Burned Out? Here Are 5 Ways toBring More Play Into Your Day!Photo by Eleonora KBy Rachel White Galvin, GCFPCMAs modern humans, ever-striving for the illusive “work/life balance,” it’s easy to get stuck in a rut. We repeat the same routines day in and day out for months, if not years or even decades. Wake up → Go To Work/School/Activities → Come Home → Sleep. Rinse and repeat.The unrelenting tasks of making sure bills are paid, mouths are fed, and the house is (somewhat) clean are peppered in daily. Add to that, the occasional ballet recital, t-ball game, or drinks out with friends for some extra spice (or more stress).Burnout doesn’t happen overnight. Like a frog in a hot pot of water, we realize later than we’d like that “Houston, we have a problem.”
Read MoreAbout Rachel: Rachel White Galvin holds a Doctorate in Viola Performance, is a Guild Certified Feldenkrais® Practitioner, and is the Chief Galvinizer at MindFelt Methods. Like many parents during the Covid Pandemic, she was forced to reconsider the effectiveness of schools and was introduced to the concept of unschooling. Its approach felt like a natural complement to the Feldenkrais Method®. She has since garnered inspiration from the writings of Akilah S. Richards, John Holt, and Pat Farenga. In exploring the world with her children, she has focused on deschooling her own curiosity-killing habits acquired from decades of schooling. As the creator of The Unpractice Experiment, she brings the experiential approaches of unschooling and the Feldenkrais Method to musicians burned out from their own school experiences. She lives in Carpinteria, CA with her husband, two kids, two cats, a dog, two cavies, an assortment of fish, and a host of carnivorous plants.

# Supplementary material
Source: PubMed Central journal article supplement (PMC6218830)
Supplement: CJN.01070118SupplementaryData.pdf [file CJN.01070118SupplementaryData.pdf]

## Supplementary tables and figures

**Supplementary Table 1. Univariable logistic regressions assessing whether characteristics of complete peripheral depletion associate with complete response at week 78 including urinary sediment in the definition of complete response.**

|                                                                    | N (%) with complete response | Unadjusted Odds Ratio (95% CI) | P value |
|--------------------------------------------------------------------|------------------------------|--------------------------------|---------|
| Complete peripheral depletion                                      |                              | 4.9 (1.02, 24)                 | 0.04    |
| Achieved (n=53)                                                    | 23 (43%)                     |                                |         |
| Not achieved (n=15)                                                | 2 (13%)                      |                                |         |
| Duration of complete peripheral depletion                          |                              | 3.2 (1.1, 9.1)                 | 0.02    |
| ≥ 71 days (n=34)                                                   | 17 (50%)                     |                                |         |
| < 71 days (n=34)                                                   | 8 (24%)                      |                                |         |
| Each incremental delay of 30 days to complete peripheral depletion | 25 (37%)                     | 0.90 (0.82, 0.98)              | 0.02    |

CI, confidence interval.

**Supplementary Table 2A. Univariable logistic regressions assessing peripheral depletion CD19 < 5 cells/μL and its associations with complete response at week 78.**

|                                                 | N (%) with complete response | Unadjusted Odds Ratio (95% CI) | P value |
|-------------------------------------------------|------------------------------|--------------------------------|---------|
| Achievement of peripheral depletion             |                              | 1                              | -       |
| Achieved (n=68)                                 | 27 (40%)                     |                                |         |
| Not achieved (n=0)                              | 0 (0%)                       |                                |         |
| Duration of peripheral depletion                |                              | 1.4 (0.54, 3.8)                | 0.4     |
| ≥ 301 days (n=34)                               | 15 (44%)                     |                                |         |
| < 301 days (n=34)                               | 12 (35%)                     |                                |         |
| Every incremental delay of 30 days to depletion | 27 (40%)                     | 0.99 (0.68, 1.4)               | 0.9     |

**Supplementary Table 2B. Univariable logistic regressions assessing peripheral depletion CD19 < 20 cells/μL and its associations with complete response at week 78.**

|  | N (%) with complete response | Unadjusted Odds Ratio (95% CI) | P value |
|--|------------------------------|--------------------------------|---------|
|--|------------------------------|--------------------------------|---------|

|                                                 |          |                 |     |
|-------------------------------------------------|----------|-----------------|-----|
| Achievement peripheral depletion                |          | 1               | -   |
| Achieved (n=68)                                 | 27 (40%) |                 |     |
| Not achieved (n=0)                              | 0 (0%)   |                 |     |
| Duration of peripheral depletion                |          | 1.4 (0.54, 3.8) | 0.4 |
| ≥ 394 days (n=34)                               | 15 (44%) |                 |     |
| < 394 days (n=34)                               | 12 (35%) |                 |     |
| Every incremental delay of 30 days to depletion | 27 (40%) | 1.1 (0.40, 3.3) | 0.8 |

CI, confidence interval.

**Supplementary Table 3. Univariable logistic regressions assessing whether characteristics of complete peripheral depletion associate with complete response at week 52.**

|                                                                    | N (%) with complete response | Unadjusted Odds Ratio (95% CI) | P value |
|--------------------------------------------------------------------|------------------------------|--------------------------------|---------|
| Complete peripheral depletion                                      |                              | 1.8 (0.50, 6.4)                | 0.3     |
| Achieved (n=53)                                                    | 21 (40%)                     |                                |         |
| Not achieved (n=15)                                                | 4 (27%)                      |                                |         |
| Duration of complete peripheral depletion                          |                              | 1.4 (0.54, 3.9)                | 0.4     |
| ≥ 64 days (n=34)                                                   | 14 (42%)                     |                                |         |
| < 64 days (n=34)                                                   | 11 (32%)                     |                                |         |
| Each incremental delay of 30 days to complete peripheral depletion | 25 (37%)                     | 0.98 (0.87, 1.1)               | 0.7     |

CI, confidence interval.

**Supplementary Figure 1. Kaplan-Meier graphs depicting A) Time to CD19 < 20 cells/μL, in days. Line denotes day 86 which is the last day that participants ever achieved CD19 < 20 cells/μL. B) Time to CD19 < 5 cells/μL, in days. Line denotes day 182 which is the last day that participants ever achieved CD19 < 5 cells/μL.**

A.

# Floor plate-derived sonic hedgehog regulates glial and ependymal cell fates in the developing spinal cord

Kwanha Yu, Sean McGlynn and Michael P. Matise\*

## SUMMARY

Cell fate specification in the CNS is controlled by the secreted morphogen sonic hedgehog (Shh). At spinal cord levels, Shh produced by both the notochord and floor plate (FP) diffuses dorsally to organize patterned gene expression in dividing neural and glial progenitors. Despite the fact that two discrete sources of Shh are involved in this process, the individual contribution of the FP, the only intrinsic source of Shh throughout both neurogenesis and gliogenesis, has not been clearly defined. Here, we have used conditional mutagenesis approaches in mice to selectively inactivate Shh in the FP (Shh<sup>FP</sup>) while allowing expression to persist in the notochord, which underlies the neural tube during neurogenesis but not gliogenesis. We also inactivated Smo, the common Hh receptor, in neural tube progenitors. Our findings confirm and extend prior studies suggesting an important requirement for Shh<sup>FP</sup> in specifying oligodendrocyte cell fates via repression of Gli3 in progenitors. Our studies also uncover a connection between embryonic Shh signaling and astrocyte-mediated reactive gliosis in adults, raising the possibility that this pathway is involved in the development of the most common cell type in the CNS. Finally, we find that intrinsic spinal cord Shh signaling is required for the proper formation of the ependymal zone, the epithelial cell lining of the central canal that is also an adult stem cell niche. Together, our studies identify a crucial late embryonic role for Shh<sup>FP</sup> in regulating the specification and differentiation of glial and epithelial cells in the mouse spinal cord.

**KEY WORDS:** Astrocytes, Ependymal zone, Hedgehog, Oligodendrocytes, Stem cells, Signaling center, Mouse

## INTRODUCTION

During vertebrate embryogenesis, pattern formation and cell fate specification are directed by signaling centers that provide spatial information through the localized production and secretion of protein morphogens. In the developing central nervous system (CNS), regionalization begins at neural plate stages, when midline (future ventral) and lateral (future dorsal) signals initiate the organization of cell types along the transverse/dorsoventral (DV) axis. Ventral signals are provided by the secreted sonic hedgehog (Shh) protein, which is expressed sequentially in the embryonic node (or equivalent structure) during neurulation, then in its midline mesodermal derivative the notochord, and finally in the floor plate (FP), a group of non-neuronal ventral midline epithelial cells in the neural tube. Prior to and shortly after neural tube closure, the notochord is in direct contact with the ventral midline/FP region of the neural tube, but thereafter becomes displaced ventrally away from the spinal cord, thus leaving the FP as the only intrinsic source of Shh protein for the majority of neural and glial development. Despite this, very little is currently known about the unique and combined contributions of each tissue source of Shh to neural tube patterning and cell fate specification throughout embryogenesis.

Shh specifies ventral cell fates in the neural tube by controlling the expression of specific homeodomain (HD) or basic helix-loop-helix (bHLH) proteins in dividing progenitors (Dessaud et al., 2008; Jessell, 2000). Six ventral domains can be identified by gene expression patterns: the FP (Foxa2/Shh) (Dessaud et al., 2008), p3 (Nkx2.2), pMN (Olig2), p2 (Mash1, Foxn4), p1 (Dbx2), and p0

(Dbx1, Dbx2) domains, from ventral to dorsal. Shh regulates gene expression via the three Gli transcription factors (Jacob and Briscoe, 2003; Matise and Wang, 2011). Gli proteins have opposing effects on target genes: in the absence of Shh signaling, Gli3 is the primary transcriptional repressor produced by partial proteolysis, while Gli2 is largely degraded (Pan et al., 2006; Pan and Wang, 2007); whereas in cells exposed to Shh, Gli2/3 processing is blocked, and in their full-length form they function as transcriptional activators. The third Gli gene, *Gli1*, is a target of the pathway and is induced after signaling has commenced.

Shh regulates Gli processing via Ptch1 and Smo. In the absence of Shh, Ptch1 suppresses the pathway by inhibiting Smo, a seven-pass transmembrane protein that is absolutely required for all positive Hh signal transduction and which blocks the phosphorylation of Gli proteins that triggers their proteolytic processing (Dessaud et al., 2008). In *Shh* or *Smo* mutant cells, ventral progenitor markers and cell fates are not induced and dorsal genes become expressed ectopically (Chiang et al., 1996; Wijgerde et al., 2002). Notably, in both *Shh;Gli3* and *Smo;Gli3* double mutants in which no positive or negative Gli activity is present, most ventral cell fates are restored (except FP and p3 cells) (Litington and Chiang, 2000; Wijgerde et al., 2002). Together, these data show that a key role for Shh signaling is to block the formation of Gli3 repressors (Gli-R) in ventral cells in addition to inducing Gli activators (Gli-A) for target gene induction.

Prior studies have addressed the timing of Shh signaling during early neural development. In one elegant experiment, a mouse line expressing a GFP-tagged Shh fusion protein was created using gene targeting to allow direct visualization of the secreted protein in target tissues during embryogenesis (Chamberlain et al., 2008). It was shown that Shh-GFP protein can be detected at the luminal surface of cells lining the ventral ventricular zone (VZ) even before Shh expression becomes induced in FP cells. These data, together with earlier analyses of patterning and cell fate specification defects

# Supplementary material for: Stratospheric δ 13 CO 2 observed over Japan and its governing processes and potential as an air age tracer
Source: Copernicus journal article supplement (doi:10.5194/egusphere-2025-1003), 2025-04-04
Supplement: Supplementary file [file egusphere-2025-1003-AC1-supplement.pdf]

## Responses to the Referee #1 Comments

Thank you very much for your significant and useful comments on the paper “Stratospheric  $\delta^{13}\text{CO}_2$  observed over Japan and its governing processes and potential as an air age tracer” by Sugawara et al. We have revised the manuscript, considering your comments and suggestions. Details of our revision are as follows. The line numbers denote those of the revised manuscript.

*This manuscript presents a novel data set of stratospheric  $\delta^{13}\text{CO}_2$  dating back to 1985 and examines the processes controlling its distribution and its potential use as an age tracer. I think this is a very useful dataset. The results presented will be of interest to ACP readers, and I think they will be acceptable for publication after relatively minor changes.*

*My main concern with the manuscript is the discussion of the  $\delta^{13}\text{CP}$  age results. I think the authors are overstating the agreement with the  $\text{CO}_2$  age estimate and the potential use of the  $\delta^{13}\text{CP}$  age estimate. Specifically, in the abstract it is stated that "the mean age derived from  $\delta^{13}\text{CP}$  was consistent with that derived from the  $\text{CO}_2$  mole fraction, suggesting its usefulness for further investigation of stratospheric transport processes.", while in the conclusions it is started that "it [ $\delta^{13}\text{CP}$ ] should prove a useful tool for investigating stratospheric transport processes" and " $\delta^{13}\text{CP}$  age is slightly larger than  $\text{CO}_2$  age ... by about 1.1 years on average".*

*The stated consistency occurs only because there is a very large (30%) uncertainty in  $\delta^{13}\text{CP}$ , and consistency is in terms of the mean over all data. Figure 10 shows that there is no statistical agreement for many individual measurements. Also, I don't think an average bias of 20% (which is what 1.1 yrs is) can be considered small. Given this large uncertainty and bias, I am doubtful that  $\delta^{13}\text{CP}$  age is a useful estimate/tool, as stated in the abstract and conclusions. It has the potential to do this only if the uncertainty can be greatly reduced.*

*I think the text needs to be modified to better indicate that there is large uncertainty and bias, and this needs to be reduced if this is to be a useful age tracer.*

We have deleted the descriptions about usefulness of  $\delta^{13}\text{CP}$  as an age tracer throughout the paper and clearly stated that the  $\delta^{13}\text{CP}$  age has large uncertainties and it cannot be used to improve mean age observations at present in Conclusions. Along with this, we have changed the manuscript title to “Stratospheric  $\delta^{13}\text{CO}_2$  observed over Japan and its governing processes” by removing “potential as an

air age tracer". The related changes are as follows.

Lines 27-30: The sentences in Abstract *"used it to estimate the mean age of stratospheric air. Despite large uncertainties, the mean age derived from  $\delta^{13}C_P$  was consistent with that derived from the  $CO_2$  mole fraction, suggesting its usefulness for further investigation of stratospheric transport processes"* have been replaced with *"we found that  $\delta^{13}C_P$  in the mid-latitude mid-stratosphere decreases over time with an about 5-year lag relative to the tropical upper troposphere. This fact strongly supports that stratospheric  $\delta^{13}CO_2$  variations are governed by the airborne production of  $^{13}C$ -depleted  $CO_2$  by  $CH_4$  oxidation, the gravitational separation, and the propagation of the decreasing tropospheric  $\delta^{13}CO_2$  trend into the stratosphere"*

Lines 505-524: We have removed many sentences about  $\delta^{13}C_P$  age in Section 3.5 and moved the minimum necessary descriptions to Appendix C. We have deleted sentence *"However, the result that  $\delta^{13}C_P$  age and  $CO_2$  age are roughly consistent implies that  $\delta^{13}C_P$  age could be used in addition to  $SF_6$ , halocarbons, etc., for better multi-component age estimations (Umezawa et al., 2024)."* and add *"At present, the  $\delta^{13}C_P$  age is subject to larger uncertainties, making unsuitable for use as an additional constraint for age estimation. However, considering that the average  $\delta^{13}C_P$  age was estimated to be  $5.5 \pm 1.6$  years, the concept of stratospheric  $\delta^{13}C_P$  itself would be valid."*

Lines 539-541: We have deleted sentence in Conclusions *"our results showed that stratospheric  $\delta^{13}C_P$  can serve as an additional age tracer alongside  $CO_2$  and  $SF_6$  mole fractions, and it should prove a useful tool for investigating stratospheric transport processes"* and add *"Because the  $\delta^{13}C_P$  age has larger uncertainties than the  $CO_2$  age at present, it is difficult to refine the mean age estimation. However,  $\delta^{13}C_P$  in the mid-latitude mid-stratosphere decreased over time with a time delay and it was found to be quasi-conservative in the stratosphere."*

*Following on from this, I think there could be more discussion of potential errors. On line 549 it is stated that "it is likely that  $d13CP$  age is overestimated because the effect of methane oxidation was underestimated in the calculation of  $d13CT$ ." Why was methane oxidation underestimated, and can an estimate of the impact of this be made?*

Her website is www.mindfeltmethods.com. Instagram: @mindfelt_methods
Building your resiliency practice
Photo by Johannes PlenioBy Fritha PengellyWhat happens if we think about “health as a dynamic condition?” Perhaps if we think of life as a process, as Moshe Feldenkrais did, we can understand that stress and adversity are normal aspects of living and that we have the internal resources for recovery and healing. Feldenkrais said, “improve the quality of the process and you improve the quality of life itself.”
If we consider the flip side and think of health as something static – that any perturbation of the system degrades one’s health and capacity for health – we get stuck looking at symptoms and how to get rid of them, rather than looking at the deeper, underlying processes that lead to those symptoms. This approach may provide temporary relief, but rarely solves the dis-ease processes or leads to longer term healing.